It's always a good idea to have a design competition, right?
I love my city. Columbia, South Carolina is a great place to live and I’m excited about the future of the city and the direction of the community. In fact, I have another blog completely dedicated to what’s coming to Columbia. I’m always talking up Columbia to anyone who will listen.
But why in the world would you opt for a design contest instead of hiring a talented local firm to work with you in a collaborative manner.
My two cents:
This is pretty much spec work. If you aren’t familiar with the concept of spec work, you should check out AIGA’s Statement on Spec Work or an organization like No!Spec. Basically, Columbia is trying to get a bunch of people to design a range of concepts for free and then pick the best. Maybe you pay the winner an award, but everyone else contributed their services for free.
Is this really how you are going to get the best result? Absolutely not. Hire a quality firm that understands the city and work with them to evaluate options. Talk through the how the flag needs to be used. How does it fit into the city’s overall branding? If you are just trying to pick something pretty, an art contest is fine. But this can be so much more than a pretty rectangle.
Do design contests ever work for something like this? Seriously, I can’t think of a single time this has worked out. We’re just now getting rid of the Clemson orange and purple license plates that the DMV selected in a design competition in 2008. Across the world, the track record isn’t good for government-sponsored design competitions. It didn't work out for Columbia, Missouri, either.
Who retains the rights? You can make this less offensive by allowing the creators to retain the rights to their artwork, even for the winning design. (The submission site isn't up yet so we don't know what the guidelines are.) I'm actually not 100% against design competitions. In 2008, I wrote a post about a Save Polaroid contest and was really impressed with how they structured the contest to respect the creators. But a flag for a large city isn't a low volume t-shirt for a cash strapped not-for-profit.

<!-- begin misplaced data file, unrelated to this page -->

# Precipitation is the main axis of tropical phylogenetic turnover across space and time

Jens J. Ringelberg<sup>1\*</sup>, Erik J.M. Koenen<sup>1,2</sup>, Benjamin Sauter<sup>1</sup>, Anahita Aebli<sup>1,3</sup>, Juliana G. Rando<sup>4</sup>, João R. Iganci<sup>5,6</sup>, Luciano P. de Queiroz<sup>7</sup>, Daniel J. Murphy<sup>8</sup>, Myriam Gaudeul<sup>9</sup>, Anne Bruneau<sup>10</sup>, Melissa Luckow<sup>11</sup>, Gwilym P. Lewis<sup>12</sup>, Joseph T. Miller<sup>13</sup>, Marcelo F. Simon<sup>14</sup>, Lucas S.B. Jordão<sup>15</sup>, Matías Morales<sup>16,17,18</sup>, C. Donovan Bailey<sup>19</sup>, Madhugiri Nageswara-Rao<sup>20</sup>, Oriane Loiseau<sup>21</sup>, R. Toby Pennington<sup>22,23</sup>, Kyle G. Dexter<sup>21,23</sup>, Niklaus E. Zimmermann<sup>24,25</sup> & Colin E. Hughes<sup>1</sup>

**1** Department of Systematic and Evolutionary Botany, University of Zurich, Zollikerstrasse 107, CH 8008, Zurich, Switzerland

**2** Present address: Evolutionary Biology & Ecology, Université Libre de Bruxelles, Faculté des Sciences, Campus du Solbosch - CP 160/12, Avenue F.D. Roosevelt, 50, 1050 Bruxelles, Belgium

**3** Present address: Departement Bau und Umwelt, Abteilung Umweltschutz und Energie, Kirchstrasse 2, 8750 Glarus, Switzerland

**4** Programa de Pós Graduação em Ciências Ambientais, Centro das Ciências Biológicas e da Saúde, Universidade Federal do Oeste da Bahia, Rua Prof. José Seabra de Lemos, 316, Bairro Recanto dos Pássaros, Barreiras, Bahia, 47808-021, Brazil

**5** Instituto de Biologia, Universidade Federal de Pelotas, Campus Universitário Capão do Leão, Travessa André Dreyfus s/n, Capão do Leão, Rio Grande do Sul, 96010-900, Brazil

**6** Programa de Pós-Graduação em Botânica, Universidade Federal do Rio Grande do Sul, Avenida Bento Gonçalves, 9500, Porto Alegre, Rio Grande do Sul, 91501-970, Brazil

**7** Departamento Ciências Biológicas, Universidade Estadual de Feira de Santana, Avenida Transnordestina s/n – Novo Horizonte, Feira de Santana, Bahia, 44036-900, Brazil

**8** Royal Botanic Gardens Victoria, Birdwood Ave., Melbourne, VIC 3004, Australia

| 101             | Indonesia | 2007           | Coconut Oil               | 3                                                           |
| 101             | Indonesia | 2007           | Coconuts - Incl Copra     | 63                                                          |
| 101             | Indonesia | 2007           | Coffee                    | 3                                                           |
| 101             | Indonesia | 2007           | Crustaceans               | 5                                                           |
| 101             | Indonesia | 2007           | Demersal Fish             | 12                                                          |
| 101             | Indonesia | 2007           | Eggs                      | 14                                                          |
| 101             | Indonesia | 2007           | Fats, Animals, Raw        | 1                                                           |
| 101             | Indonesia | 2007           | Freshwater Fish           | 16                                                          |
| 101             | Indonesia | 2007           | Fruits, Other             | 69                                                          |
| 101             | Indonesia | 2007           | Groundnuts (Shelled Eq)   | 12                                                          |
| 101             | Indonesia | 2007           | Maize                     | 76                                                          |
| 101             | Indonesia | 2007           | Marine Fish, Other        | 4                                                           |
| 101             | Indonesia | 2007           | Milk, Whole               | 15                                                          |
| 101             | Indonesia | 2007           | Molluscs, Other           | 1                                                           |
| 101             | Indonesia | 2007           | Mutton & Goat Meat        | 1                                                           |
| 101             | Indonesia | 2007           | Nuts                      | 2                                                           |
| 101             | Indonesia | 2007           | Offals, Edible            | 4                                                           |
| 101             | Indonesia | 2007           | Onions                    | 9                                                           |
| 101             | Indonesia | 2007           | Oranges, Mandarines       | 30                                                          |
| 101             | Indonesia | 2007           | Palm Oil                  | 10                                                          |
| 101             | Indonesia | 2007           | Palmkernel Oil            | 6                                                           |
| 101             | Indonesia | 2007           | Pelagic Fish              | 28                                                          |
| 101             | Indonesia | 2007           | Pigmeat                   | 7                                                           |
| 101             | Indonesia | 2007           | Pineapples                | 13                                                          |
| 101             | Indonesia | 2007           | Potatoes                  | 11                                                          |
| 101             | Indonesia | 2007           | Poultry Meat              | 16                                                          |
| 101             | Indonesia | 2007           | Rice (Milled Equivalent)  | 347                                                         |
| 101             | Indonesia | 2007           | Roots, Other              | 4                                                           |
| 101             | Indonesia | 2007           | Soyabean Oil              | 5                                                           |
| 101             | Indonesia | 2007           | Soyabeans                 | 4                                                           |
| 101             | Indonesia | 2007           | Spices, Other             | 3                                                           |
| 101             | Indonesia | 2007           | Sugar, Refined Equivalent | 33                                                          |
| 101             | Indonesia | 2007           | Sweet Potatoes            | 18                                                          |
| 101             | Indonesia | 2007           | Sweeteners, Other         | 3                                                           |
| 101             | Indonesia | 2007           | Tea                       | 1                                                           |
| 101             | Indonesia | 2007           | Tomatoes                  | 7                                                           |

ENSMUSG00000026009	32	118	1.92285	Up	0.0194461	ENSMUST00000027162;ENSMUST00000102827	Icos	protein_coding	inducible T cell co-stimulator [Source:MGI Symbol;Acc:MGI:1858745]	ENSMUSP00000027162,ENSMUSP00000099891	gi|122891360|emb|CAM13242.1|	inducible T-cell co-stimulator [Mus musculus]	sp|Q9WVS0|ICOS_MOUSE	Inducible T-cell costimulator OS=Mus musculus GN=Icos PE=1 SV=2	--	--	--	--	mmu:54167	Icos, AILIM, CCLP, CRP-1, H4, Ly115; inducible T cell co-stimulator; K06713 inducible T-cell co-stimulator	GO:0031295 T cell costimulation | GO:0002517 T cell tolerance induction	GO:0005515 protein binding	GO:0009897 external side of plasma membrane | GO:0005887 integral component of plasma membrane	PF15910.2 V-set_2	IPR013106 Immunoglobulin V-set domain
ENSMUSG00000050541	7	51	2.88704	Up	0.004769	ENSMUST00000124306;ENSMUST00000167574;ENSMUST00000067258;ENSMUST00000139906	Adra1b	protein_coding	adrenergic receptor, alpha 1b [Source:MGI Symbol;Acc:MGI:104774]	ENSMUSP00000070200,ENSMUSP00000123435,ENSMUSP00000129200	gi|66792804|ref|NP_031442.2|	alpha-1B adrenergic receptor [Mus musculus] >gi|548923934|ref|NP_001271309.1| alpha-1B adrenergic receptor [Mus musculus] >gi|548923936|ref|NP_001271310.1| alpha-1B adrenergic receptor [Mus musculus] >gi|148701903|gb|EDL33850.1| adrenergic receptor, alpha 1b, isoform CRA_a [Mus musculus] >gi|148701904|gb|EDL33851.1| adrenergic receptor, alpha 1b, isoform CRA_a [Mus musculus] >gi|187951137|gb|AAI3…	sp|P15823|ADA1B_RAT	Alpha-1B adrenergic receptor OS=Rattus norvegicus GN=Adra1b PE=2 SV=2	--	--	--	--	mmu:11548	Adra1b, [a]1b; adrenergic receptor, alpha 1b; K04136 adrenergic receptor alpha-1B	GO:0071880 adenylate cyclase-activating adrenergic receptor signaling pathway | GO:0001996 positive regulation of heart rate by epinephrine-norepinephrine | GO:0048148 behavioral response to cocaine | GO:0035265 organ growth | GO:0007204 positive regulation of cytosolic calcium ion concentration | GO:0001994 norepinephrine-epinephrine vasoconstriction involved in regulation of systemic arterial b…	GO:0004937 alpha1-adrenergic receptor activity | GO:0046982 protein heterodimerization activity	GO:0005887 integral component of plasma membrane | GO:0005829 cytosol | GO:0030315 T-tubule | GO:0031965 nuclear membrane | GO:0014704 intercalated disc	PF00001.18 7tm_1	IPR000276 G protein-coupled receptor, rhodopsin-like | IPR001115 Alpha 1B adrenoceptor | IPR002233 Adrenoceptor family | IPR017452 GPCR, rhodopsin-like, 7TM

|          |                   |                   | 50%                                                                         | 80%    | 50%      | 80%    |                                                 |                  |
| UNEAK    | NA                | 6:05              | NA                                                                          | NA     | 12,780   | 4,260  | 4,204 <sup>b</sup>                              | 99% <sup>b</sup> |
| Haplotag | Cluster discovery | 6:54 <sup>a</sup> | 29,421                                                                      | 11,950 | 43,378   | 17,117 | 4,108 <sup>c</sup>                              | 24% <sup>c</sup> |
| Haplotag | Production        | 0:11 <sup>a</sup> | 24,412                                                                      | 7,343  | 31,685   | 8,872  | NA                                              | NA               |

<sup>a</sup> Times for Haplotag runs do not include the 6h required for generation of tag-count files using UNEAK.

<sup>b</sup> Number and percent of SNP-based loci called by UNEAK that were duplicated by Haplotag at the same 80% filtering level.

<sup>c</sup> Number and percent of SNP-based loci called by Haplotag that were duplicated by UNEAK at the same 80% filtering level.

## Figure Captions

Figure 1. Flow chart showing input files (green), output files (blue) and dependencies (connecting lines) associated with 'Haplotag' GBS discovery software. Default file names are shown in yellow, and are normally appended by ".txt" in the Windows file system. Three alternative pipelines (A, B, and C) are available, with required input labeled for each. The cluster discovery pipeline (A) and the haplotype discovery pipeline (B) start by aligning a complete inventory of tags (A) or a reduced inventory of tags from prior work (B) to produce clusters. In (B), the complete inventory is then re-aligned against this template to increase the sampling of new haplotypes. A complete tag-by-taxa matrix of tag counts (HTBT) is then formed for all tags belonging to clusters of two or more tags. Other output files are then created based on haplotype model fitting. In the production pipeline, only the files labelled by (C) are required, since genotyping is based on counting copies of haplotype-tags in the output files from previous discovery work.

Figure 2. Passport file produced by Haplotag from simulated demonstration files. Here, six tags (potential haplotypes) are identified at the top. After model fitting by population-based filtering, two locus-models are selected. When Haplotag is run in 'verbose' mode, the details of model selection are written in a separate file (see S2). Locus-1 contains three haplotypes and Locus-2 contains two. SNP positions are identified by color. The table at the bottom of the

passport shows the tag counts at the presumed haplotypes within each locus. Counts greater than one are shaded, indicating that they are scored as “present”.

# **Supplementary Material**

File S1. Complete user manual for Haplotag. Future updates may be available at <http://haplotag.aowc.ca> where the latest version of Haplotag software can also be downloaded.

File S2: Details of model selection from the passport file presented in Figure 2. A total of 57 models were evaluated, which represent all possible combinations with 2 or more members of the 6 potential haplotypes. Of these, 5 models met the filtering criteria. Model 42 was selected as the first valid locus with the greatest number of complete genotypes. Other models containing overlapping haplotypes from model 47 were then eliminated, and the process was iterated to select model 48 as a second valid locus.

Remember that article in the Free-Times from last week? The one that said that Columbia was a great place to live, but lags in workforce talent compared to other cities in the region. Just a thought… having your arts organizations host a spec work design competition isn’t exactly the best way to show talent that they are valued in this town.
The flag expert handout is awesome. In the article, they mention using a Good Flag, Bad Flag handout and a guide. I saw it a few years ago and it’s awesome. But I missed the part where it advocates using a design competition as the way to generate a good design. In fact, I’ll bet some of those bad flags were developed as part of design competitions.
I really respect all the organizations involved. The Columbia Design League (which is an affiliate of the amazing Columbia Museum of Art), One Columbia, the City of Columbia all do great things for this city. I know and respect many of these people. And I think that’s why I’m so taken aback. I’m so surprised that no one involved suggested another approach.
I’m going to voice my concerns, but I’ll be honest, I don’t expect them to reverse course. I’m sure they will find something that their committee will be happy with. Let's be honest, anything is an improvement over the current flag. The process is basically free for them. City council will have the winning sixth grader come to a council meeting and will present a flag to them. They’ll get a few seconds of coverage on WIS and an article in The State. And some positive PR is really all they want, anyway.
But it’s a missed opportunity. A chance to partner with a local firm and do something awesome and appropriate for our city. A chance to show the community and the region our commitment to creative excellence.
It also serves as a reminder to all of us in the design community that we still need to stand up against spec work and advocate within our organizations and institutions that collaborative partnerships generate the best solutions.
Bob Wertz writes about design, technology and pop culture at Sketchbook B. Bob is a Columbia, South Carolina-based designer, creative director, college instructor, husband and dad. He’s particularly obsessed with typography, the creative process and the tools we use to create. In his spare time, he defends the design industry. Follow Bob on Twitter and Instagram.